How to Choose a Motorcycle Helmet, Part 1
Why need a lid?
Value! The value of the head, that is. While most human beings can live pretty well with a broken limb or some fractured ribs, some less fortunate even being able to still race without a leg or an arm, we think it's pretty obvious that a smashed cranium and splattered brains are really important for life.
Breathing, telling the heart how fast it should pump blood to the body, and keeping up with the daily routines of digesting all sorts of food to power up the body, they're all on the list of chores the brain's job comes with. Take the brain out of this nifty puzzle and everything goes down. 6 feet lower, that is.
Despite some riders strongly opposing the laws making wearing a helmet mandatory, there's overwhelming statistic data to prove that helmets help saving lives. It's no point arguing here on this subject, since we're trying to help the new riders make a better choice. As a really old rider used to say, "wear the damn helmet and pray you don't get to test it!"
A motorcycle helmet is made of 4 main components: the outer shell, the inner EPS liner, the retention system and the comfort liner. The outer shell is the first thing standing between the hard asphalt or concrete and the rather delicate brain. It is designed to provide enhanced penetration protection, while absorbing and disseminating the force of the impact.
The second warden of the pudding (yes, the brain looks like a pudding, with roughly the same consistency and "toughness") is the inner EPS liner. EPS stands for Expanded PolyStyrene, and is a high-tech version of the common styrofoam. While the outer shell deflects and reduces the impact from the outside, the EPS liner softens and absorbs the energy that your head bangs against the interior of the helmet with during a crash.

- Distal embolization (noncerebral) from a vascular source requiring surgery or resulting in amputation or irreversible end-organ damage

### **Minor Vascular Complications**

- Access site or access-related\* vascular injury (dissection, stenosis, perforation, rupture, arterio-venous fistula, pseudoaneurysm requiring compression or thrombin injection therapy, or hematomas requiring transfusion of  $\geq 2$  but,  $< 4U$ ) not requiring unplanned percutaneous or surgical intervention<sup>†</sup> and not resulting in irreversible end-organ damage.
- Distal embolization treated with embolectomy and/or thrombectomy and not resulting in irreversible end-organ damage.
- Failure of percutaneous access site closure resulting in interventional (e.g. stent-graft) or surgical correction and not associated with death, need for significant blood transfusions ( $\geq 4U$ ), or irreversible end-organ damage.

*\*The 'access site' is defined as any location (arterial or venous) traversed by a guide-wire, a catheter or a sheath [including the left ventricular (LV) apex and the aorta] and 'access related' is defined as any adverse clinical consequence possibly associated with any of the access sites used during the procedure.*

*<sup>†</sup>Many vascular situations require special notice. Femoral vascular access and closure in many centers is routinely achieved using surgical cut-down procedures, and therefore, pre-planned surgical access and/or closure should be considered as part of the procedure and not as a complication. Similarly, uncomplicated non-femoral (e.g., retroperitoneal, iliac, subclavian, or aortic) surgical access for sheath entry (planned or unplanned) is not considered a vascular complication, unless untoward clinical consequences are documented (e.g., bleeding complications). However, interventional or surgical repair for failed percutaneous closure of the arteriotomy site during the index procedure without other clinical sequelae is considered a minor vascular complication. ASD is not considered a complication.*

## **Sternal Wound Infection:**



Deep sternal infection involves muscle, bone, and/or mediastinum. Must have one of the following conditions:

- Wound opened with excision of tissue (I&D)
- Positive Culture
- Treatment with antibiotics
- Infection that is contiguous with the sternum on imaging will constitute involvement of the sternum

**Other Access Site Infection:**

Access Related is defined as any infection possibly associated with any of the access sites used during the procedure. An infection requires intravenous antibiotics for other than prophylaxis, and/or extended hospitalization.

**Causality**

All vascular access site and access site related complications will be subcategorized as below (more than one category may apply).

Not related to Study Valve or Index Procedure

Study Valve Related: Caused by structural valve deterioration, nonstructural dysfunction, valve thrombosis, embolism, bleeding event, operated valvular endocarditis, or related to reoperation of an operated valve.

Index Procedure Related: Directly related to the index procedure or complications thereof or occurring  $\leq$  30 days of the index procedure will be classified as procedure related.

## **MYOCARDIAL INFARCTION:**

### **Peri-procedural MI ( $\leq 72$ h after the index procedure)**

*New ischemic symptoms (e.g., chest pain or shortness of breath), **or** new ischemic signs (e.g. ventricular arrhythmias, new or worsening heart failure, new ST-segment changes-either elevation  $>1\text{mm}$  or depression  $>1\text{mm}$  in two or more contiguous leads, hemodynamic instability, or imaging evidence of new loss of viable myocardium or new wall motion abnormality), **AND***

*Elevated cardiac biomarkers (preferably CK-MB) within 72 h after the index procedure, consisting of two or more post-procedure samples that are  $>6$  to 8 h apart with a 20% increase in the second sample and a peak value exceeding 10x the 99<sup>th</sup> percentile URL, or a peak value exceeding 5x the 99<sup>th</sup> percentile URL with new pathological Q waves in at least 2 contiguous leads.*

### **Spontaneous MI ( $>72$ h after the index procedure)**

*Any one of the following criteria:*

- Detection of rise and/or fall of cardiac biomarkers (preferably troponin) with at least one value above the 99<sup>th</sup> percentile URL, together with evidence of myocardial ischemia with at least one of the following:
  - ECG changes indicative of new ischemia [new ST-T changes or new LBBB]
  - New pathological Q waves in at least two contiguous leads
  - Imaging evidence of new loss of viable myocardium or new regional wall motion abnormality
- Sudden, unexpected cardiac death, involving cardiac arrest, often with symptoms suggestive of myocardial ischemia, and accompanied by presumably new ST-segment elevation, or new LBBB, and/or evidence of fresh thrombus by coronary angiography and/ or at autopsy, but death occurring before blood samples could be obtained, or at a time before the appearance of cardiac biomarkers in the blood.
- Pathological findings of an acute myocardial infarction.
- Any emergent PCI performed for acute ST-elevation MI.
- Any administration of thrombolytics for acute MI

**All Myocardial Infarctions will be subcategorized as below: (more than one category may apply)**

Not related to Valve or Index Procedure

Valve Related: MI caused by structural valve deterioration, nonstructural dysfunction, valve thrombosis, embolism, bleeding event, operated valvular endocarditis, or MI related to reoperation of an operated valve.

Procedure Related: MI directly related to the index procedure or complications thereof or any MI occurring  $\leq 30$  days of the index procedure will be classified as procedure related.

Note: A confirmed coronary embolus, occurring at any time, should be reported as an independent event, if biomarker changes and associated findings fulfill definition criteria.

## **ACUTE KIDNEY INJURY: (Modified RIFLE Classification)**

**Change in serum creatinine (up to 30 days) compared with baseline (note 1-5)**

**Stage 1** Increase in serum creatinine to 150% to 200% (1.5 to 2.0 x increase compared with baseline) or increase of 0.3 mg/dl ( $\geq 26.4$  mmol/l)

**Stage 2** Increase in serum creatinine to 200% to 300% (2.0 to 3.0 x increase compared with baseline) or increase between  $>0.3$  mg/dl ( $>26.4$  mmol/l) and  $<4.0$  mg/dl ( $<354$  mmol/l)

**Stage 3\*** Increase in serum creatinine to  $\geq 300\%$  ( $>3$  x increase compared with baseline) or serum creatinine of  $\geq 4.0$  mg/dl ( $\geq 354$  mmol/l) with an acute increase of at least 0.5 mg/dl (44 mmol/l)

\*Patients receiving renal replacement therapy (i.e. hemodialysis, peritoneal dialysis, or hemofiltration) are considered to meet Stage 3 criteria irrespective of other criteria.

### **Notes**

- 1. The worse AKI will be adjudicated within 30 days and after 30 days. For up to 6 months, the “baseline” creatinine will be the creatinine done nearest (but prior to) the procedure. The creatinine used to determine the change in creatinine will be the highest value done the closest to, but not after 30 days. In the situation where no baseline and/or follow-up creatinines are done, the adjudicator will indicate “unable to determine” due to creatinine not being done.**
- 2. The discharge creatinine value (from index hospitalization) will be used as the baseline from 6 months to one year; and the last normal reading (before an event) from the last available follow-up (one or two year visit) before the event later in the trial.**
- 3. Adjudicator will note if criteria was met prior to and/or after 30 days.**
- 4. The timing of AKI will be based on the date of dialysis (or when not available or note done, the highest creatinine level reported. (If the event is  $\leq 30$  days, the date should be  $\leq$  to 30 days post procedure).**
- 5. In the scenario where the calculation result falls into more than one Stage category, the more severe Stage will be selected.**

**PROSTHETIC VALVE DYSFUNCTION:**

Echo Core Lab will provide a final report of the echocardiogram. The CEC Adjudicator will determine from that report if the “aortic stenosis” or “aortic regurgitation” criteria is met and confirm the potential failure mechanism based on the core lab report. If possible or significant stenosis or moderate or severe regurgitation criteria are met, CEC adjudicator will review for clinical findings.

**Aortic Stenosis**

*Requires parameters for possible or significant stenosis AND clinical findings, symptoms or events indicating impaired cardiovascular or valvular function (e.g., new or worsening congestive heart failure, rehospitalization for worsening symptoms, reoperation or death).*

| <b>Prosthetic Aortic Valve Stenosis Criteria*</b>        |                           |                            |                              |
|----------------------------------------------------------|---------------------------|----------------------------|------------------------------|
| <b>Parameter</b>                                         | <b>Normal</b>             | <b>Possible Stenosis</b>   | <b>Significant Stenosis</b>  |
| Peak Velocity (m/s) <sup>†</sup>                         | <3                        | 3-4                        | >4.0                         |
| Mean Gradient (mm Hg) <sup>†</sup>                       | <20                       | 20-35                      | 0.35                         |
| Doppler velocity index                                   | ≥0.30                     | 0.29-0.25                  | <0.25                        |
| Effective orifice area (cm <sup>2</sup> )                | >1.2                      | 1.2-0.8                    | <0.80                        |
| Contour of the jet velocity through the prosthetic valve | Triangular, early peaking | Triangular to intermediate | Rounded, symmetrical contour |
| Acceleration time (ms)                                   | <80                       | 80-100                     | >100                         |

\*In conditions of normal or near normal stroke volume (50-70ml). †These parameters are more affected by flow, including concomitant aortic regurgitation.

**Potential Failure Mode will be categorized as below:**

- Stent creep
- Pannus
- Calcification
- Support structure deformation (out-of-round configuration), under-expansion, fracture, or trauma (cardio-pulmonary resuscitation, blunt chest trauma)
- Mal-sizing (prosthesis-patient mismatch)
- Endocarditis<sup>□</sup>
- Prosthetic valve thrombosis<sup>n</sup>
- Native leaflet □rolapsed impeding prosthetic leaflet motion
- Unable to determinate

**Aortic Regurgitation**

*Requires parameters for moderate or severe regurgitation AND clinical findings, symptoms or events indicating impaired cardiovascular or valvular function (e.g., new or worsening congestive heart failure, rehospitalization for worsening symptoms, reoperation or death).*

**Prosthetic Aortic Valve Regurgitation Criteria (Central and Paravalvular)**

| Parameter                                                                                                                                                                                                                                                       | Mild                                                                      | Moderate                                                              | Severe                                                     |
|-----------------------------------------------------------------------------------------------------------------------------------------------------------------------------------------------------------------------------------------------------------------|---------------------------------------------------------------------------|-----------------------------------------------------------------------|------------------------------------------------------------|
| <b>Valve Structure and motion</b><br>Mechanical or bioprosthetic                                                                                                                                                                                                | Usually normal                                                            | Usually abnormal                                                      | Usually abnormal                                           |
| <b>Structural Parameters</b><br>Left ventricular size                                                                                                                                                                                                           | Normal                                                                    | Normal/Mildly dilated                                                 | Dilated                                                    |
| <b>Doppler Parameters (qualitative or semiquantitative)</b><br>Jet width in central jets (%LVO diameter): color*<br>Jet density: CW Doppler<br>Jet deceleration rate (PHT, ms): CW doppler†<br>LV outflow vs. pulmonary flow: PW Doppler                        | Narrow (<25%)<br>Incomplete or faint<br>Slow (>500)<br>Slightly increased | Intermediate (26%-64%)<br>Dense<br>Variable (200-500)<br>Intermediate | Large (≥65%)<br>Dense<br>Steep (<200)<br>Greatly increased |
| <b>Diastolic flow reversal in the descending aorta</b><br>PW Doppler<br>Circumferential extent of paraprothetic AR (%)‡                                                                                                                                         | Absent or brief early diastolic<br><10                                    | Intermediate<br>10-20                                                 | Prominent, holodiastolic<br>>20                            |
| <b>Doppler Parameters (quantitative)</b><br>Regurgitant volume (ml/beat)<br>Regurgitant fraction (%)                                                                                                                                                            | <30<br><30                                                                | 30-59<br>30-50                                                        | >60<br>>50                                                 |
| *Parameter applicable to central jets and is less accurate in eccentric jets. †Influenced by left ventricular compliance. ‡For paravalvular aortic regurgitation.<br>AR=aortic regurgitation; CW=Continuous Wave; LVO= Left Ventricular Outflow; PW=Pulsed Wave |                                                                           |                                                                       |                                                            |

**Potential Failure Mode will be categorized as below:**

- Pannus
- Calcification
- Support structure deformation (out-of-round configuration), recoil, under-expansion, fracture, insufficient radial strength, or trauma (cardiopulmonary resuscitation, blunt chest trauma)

A helmet's quality is directly proportional with the quality and engineering of these components, but it is more than their simple sum and top-shelf manufacturers will never cut corners making any of these components.
1. What do you want to do?
One of the first questions for a new rider is what kind of a rider is he or she going to be. That is because any motorcycle can technically be ridden with any type of helmet, but if real protection and comfortable wearing really matter, there are some choices to be made.
Basically, helmets can be separated in 5 large categories: half helmets or brain caps, usually associated with badass-look summer riding, ¾ or open-face helmets which are traditionally used with both scooters and choppers, though you'll also see them with riders on small-displacement bikes, flip-up or modular helmets which can be seen everywhere and full-face or integral helmets, most commonly associated with sportier bikes.
The fifth category is no-face helmets, but we doubt you want to hear about or see what wearing one and crashing leads to.
Performance in any direction and rider protection rises accordingly to the enumeration above, with the braincaps being the least safe and the full-face lids the most secure of helmets, but there are many other things to be considered.
The most important thing when deciding which type of helmet you need is thinking where and when you will be riding. Planning hard enduro or motocross action? Half or ¾ helmets are the shortest way to horrible injury.
Getting a bike for occasional summer riding? A braincap could do, especially for the awesome ventilation it offers due to the lack of protective layers around the face. It could do, though.
2. Certified means verified
Given the fact that the motorcycle helmet is by far the most important piece of protective gear, manufacturing lids which really shield a rider's head is critical. That's why road safety organizations and agencies around the world have created safety standards and are fiercely enforcing them.
DOT and Snell in the USA, ECE in Europe, JIS in Japan and AS in Australia are probably the most common. Pretty much like a car must pass certain safety tests and the NCAP crash ordeals, helmets must comply to these sets of regulations and when they do, it means they can efficiently protect the head.
Safety standards are all about function and have nothing to do with fashion or any compromise combination of function and sparkle. All safety-certified helmets are reliable down to a certain degree: a $130 (€100) certified lid is most likely to show lesser overall quality than $1,000 (€750) carbon top-drawer one. Anyway, street-experience clearly showed that safety-certified helmets are performing better than the non-certified ones.
So whatever lid you might choose, make sure you're getting one certified for your area. The tests the helmets must pass are way more complex than what you'd be willing to believe and involve so much more than smashing some heavy objects against the shell and seeing if it cracks.